Jenga and Pre-Employment

Have you ever played Jenga? This popular Hasbro game is conceptually very simple. It contains fifty-four rectangular wooden blocks. These blocks are arranged on top of one another, three blocks at a time, with each layer of three laid perpendicular to the layer below it. After the initial eighteen-layer tower has been built, players take turns removing one block at a time from the lower part of the “tower” and carefully place it at the top. They keep building the tower until it eventually wobbles and falls.

While the concept of the game is easy, actual gameplay requires quite a bit of manual dexterity, precision, and strategy. One essential technique to be successful in Jenga is to lightly tap or test a block before removal and final placement on top of the tower. This testing is important because by touching it, the player can get a better feel for the block they are considering. Sometimes the tapping is met with no resistance or disturbance, indicating that the block is ready and safe to place atop the structure. Other times, however, this tapping is met with considerable resistance, and it’s easy to feel that this is a block better left alone. The player who can skillfully employ the tapping technique and can carefully choose the right blocks with which to build the tower will ultimately win. It is the hasty player who chooses the wrong block and will send the entire structure toppling down.

When a company brings on new hires based on nothing but a gut reaction—without administering pre-employment screenings—the company is essentially playing Jenga without the “tapping” technique. Pre-employment screenings, while they may take a little initial investment and a little extra time, will ultimately pay dividends toward the integrity and stability of the entire organization. By prodding a probing just a little bit extra before finally committing to a candidate, a company can save itself from headaches, wasted time, wasted money, and even negligent hiring lawsuits.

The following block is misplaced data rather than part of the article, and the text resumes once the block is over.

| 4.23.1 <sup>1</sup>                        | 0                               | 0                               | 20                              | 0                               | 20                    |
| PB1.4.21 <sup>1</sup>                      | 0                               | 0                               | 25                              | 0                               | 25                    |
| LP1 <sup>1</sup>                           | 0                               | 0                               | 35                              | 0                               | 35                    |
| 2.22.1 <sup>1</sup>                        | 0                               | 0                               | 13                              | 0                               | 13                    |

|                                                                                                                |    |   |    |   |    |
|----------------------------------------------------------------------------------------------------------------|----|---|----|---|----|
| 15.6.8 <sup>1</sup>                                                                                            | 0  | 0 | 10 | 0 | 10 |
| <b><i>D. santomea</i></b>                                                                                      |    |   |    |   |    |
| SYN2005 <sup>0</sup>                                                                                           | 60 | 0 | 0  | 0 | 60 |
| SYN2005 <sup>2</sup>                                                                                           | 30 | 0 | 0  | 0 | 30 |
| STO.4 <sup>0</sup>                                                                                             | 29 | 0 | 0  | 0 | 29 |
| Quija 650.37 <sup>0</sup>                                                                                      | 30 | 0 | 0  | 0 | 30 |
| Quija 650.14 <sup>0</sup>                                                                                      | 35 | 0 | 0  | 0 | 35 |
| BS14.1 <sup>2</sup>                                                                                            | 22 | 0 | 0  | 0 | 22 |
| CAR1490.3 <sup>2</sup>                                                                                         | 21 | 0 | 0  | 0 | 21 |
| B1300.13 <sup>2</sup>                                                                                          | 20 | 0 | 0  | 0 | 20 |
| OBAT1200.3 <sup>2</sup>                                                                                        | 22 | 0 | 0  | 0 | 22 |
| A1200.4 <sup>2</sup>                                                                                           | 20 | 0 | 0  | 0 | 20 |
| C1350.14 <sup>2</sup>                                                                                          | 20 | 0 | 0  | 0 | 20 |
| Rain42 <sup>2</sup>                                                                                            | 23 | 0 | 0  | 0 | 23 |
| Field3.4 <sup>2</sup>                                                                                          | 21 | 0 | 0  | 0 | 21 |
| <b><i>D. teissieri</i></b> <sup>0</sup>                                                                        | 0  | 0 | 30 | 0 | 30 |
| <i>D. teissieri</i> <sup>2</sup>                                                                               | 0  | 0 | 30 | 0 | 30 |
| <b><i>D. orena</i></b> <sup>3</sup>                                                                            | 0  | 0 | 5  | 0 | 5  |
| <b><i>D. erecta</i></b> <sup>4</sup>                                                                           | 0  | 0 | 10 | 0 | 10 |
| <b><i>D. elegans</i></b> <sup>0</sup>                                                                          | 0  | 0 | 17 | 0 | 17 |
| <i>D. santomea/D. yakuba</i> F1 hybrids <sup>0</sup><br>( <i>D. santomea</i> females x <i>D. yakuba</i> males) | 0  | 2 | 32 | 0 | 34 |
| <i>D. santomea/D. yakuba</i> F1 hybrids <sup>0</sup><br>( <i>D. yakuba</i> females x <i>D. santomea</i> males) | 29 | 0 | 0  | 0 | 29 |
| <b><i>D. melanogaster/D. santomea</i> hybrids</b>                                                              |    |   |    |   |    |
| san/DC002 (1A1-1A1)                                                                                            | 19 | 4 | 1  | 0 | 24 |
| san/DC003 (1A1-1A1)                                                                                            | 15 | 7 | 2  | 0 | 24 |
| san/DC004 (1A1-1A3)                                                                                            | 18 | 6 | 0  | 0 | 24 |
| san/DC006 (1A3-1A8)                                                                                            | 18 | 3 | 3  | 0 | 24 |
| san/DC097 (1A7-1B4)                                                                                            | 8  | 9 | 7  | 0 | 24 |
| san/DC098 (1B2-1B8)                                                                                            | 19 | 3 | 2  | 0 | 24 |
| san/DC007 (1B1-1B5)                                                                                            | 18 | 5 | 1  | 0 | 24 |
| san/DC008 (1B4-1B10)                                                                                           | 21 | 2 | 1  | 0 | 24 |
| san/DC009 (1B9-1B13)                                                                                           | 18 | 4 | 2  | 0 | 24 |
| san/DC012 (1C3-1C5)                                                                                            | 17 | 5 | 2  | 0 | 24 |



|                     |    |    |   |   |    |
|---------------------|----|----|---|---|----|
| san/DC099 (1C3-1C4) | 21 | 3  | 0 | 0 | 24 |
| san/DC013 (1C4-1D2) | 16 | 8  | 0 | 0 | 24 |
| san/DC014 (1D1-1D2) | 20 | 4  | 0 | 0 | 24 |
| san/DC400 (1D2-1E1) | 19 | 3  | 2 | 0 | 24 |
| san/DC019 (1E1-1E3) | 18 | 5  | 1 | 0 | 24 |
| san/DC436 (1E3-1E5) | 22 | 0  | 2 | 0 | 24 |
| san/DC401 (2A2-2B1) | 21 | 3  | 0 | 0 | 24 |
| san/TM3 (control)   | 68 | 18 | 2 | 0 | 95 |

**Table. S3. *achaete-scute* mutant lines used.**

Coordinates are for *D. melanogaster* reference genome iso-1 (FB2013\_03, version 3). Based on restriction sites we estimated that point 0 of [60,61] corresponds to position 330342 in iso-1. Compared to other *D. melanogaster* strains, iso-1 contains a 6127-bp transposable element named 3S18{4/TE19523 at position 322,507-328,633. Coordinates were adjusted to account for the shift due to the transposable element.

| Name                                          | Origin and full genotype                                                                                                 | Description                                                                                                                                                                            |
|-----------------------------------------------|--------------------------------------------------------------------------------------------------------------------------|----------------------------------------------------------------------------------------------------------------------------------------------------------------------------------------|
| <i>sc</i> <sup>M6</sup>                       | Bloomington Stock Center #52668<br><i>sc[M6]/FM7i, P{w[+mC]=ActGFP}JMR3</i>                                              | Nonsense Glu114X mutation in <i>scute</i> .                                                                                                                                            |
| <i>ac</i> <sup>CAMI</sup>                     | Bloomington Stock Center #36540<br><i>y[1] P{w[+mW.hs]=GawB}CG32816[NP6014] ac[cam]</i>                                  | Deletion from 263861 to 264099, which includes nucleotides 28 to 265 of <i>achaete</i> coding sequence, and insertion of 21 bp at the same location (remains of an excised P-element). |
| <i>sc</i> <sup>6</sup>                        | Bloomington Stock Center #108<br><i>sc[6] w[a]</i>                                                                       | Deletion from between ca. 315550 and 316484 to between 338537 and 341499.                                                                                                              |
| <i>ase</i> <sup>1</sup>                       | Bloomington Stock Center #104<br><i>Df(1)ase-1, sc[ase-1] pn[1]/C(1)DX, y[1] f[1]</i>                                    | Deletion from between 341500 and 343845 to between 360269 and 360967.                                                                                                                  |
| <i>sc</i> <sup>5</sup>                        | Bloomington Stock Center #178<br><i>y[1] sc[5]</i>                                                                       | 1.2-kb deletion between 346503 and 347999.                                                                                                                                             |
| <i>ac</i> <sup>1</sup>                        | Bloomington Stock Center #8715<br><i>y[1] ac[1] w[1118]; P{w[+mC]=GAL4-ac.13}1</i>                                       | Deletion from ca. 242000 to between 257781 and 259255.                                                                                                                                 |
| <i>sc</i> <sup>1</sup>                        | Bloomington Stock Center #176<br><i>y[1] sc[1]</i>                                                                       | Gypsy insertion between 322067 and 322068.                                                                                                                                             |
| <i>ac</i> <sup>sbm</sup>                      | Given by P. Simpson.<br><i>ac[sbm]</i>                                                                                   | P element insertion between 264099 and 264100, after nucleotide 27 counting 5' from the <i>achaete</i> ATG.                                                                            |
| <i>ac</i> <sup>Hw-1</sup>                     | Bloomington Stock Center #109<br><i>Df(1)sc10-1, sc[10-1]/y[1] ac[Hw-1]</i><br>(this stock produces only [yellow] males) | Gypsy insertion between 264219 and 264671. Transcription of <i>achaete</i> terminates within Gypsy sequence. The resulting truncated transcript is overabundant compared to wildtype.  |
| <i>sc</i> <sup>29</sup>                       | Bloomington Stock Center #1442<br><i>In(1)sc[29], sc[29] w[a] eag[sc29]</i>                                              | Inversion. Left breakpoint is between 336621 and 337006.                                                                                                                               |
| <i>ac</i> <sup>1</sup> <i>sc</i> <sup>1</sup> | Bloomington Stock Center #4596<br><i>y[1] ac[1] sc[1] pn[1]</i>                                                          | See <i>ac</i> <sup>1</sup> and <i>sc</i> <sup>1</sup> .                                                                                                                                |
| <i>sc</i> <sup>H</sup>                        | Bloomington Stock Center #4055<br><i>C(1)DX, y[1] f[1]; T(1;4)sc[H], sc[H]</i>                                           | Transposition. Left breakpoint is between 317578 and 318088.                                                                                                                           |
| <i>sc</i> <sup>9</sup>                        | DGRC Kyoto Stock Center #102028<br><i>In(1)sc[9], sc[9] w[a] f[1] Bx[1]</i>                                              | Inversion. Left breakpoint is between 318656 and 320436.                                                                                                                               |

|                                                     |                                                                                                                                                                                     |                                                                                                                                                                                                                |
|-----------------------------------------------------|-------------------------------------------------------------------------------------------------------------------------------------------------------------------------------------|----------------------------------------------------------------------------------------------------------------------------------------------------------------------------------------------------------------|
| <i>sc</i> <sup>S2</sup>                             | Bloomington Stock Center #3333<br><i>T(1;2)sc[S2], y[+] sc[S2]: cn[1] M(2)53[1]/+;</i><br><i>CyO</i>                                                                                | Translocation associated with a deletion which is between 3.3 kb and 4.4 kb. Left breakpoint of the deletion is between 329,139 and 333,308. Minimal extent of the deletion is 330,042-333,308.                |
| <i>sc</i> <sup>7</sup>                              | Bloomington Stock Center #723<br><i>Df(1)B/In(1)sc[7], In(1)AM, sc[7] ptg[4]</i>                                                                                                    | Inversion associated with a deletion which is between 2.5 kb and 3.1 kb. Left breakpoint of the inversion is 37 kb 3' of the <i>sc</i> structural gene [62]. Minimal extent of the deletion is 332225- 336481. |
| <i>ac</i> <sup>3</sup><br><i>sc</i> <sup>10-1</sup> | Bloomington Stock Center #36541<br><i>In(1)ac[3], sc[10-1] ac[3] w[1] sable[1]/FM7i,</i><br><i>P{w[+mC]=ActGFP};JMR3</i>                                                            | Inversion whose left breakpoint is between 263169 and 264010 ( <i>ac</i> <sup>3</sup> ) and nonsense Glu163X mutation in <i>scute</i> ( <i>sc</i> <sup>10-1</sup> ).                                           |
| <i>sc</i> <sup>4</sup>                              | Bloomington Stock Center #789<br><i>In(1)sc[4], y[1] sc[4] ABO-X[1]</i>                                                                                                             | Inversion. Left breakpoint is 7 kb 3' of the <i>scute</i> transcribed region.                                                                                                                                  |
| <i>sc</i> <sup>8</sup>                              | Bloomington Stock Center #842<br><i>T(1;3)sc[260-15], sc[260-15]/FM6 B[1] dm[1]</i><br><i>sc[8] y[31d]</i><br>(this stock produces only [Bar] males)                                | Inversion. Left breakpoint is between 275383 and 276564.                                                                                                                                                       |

No one likes to lose—not in Jenga and especially not in business. But a way to lose quickly in both business and Jenga is to ignore the “tapping” method and haphazardly grab whatever selection looks good at the time without careful evaluation. Businesses should utilize pre-employment screenings to ensure the future success and stability of their enterprise. If you’re still not completely sold, go play Jenga by pulling blocks at random and see for yourself. Just be prepared for a mess of fallen blocks on your table and don’t say you weren’t forewarned.

Pennsylvania Administrators Complain About Legislation that Protects Children

Changes made in 2014 to Pennsylvania’s Child Protective Services law have local school districts concerned about the possible administrative and monetary ramifications regarding volunteer requirements. According to the law (part of Keep Kids Safe PA, which involves 24 legislative components that address child safety concerns), all current and existing volunteers who work with children must undergo mandatory background checks. The law requires three mandatory screenings ranging from the local police department to the federal level. Additionally, volunteers must have those checks renewed every five years.  Examples of affected volunteers include school coaches, chaperones, and tutors, and anyone with unsupervised access to children.

The scope of the changes to the Child Protective Services law affect individuals outside of educational institutions, but Pennsylvania school districts have already found themselves inundated with the time-consuming task of regulating volunteer background checks and familiarizing themselves with the multitude of changes.

Some school administrators also worry that the cost of the background checks will dissuade some individuals from volunteering in schools, but the governor waived background check fees for volunteers, and reduced the cost for employees, who have to undergo the same screening processes.

Volunteers can complete some of the required screenings online, but they must also submit fingerprints as part of their FBI criminal background check. Pennsylvania businesses that perform fingerprinting services, like UPS, have seen over double the amount of traffic with the new volunteer requirements.